Text size creates an easy-to-follow visual hierarchy. The largest type grabs your attention first, so make this the primary message you want to get across. Then as you read on, you take in the second-most and third-most important messages according to their size and placement in the design.
How layout affects hierarchy
In western cultures, most people read left to right from top to bottom. So, making your top line largest and working the sizes down from there can be a simple way to communicate the importance of your information.
But don’t feel you have to stick to that order, it’s just an example.
Experiment for yourself in our studio with different sizes as you can see previews of how your signage will look. You’ll notice that if you add too many lines of text in this style, your sign starts to look like an eyechart.
So, keep it short.
How font weights affect hierarchy
Using multiple weights in a font family helps maintain consistency and communicate the order of the information in your design. Using a heavy typeface in a light colour against a dark background can make it more legible. Heavy typefaces also help add visual dominance to the most important information. When designing signs, avoid fonts with elegant, thin strokes. They’re hard to read at a distance or when walking, cycling or driving past.
3. Readability makes sure people understand your sign’s message
Making sure people can read and understand your sign at a glance is your primary design objective. This is known as readability.
The ability to distinguish one letter from another when reading your signage design determines your text’s legibility. For example, it’s much easier to read a sans serif font in all caps than a script font in all caps. These “handwritten” fonts work best in lowercase or title case (where you capitalise the first letter of important words in a sentence).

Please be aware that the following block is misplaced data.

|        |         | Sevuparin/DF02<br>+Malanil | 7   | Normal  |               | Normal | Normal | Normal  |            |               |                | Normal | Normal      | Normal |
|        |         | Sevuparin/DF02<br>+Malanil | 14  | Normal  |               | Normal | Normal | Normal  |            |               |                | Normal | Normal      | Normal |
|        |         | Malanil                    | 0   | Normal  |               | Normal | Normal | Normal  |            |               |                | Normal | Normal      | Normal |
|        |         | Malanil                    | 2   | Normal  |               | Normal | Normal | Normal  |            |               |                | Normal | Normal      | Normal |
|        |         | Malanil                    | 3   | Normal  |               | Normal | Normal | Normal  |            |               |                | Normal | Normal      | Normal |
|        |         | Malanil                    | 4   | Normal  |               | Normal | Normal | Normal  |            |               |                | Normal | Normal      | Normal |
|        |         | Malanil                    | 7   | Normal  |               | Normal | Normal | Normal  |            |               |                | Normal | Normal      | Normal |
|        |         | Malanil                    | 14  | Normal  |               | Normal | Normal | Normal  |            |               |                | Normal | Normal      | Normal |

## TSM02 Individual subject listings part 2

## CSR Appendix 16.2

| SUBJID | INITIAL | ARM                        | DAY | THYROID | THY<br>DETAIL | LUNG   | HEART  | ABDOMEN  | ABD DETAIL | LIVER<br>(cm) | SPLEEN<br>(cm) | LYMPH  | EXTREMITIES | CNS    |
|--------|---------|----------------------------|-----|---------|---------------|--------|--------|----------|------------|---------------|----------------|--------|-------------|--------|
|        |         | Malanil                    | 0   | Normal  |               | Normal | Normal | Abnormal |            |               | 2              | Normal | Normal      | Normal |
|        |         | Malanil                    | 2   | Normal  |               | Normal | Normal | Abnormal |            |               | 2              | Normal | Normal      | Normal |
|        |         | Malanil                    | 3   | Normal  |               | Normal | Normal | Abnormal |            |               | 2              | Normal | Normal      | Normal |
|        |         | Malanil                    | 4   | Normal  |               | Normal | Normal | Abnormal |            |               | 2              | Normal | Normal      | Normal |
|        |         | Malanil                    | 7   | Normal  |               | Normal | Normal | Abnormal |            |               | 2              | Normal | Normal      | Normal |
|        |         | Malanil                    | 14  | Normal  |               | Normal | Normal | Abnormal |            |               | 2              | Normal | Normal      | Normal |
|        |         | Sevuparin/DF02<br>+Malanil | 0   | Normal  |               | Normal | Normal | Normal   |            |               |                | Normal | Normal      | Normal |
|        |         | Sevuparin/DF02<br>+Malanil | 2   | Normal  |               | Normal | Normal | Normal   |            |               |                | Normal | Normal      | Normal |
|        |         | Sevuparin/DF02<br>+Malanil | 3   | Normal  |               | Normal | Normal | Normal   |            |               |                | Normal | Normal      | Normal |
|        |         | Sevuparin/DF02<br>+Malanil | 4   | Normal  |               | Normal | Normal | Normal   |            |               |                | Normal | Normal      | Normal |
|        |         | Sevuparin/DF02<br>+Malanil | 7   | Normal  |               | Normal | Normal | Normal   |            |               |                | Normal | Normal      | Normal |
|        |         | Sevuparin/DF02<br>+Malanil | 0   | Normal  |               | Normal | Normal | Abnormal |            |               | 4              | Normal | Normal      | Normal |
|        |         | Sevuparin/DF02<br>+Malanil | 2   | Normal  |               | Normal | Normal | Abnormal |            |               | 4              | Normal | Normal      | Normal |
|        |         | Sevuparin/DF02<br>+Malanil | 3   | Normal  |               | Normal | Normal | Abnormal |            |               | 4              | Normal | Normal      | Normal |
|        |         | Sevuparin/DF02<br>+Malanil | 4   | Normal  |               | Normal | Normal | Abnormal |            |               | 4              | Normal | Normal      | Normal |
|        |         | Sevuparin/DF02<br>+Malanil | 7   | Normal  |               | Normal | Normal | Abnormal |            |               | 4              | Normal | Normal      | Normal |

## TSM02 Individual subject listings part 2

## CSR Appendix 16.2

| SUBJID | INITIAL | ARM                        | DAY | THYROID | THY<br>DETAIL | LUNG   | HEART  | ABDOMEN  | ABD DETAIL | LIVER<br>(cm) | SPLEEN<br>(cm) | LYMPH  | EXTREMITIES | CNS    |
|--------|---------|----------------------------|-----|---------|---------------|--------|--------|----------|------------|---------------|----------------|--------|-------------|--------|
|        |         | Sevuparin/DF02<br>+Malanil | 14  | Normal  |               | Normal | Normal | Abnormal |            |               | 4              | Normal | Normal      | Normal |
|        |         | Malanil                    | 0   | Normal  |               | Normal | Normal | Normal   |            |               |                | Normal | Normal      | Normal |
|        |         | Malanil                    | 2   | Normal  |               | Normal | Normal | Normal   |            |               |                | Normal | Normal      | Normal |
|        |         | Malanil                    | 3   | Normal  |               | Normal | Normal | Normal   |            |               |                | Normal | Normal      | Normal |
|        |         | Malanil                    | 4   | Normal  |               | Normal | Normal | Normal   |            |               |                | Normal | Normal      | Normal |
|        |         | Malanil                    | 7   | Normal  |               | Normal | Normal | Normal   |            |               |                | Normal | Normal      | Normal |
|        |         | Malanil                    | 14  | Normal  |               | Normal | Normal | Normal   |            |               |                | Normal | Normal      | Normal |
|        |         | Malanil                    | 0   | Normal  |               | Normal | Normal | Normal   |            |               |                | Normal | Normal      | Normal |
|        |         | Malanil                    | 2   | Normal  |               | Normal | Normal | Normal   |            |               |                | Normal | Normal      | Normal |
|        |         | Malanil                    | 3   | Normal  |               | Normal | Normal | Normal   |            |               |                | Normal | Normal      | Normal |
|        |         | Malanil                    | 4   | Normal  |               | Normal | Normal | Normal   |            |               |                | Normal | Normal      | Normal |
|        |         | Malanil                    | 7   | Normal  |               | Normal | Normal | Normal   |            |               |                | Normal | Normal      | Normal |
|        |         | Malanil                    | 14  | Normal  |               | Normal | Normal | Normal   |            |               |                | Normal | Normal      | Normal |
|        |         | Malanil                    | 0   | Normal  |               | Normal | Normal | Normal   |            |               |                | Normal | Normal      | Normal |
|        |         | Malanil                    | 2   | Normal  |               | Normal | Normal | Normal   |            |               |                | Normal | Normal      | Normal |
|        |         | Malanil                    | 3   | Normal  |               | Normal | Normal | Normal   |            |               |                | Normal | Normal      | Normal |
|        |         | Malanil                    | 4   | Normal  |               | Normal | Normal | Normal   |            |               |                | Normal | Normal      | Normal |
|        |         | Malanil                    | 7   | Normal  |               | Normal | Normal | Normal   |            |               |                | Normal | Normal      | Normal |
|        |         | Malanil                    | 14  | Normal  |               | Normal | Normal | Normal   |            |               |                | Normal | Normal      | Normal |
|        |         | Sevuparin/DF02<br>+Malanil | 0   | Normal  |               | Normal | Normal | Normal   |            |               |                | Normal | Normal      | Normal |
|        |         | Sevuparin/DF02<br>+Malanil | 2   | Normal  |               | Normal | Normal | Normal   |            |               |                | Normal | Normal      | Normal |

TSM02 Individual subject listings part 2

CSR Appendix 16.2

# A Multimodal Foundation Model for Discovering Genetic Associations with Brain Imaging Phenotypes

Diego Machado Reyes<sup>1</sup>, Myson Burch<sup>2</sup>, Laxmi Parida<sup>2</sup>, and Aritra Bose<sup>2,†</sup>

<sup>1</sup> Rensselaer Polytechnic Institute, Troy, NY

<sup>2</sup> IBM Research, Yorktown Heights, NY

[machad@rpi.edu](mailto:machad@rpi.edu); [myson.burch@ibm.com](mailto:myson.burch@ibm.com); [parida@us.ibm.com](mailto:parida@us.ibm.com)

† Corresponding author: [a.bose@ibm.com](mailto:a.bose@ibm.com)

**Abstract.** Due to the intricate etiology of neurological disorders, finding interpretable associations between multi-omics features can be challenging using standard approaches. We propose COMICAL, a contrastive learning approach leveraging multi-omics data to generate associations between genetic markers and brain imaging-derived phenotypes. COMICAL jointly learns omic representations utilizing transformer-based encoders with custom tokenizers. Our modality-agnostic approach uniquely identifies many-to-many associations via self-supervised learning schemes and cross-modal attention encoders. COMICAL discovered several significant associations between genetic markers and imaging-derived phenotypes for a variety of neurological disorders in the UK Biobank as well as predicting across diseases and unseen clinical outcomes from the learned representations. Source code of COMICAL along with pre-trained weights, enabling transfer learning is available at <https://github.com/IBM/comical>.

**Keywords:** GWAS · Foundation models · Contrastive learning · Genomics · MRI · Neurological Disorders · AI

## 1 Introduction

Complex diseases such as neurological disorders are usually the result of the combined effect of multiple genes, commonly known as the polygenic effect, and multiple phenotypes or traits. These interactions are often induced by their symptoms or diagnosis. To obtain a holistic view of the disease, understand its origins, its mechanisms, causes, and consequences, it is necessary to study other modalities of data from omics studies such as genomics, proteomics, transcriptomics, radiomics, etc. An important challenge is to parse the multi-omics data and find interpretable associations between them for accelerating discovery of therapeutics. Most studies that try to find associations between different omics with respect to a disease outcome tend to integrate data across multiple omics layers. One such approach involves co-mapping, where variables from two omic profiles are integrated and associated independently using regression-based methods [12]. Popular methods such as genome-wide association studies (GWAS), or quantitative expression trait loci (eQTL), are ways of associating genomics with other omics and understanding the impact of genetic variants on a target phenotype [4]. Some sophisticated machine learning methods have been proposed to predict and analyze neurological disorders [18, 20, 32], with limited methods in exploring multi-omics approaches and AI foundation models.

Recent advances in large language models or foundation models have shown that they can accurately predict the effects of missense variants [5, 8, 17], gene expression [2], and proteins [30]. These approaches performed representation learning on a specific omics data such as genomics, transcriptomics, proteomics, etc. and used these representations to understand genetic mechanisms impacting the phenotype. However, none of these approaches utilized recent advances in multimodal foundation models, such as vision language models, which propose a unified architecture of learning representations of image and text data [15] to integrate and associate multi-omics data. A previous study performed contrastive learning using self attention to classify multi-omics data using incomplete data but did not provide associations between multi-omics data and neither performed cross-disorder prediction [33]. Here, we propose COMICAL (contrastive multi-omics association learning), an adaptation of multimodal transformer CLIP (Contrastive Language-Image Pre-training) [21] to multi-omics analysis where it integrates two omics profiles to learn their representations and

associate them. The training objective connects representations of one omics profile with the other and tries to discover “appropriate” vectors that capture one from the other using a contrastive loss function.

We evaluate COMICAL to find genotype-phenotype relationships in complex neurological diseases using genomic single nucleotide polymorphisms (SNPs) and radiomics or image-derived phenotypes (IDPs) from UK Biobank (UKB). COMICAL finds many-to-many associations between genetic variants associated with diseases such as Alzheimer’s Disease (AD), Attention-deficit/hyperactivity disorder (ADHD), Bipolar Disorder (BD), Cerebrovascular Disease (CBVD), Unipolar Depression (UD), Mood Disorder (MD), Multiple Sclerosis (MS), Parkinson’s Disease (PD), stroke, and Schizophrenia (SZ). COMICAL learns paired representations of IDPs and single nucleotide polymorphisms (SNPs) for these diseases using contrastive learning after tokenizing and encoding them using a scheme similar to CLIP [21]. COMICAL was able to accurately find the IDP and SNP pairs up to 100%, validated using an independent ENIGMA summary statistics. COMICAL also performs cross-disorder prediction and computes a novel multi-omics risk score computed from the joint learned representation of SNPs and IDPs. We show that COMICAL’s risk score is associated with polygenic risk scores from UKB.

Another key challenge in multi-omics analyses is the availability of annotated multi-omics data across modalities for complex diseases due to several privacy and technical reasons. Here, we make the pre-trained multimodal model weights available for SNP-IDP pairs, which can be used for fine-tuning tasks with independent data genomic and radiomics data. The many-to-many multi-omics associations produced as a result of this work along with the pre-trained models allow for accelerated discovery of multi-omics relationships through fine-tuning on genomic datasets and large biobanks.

How space affects readability
When designing a banner, it can be tempting to try to add lots of information and fill space. But remember, the more space around each text field, the easier it is to read. It also pays to leave plenty of space between the main design elements and the edge of your banner. This space is often called the ‘margin.’
Leave plenty of space around the text and your logo. If your sign is too crowded with text, people won’t squint to read it. They’ll walk on.
By using fewer text fields, you make the information you do include more captivating. The goal is to make it easy for people to read your sign, whether it’s a banner, poster or flag – at a glance.
How font selection affects readability
As mentioned earlier, script or brush fonts are the hardest to read, especially when read from across the street. If you want to use script fonts to remain consistent with your brand, account for the fact that these fonts are harder to read but making your text bigger on signage.
How letter case affects readability
All caps or all UPPERCASE are fine for your company name or a message like SALE. But if you’re creating a poster and plan to include a bit more detail, avoid all caps for sections of text that run over a couple of lines as it’s hard to read.
How letter height affects readability
This table gives you a rough idea of the link between letter height and reading distance. Use this as a guide to work out how big your letters need to be to reach your target audience.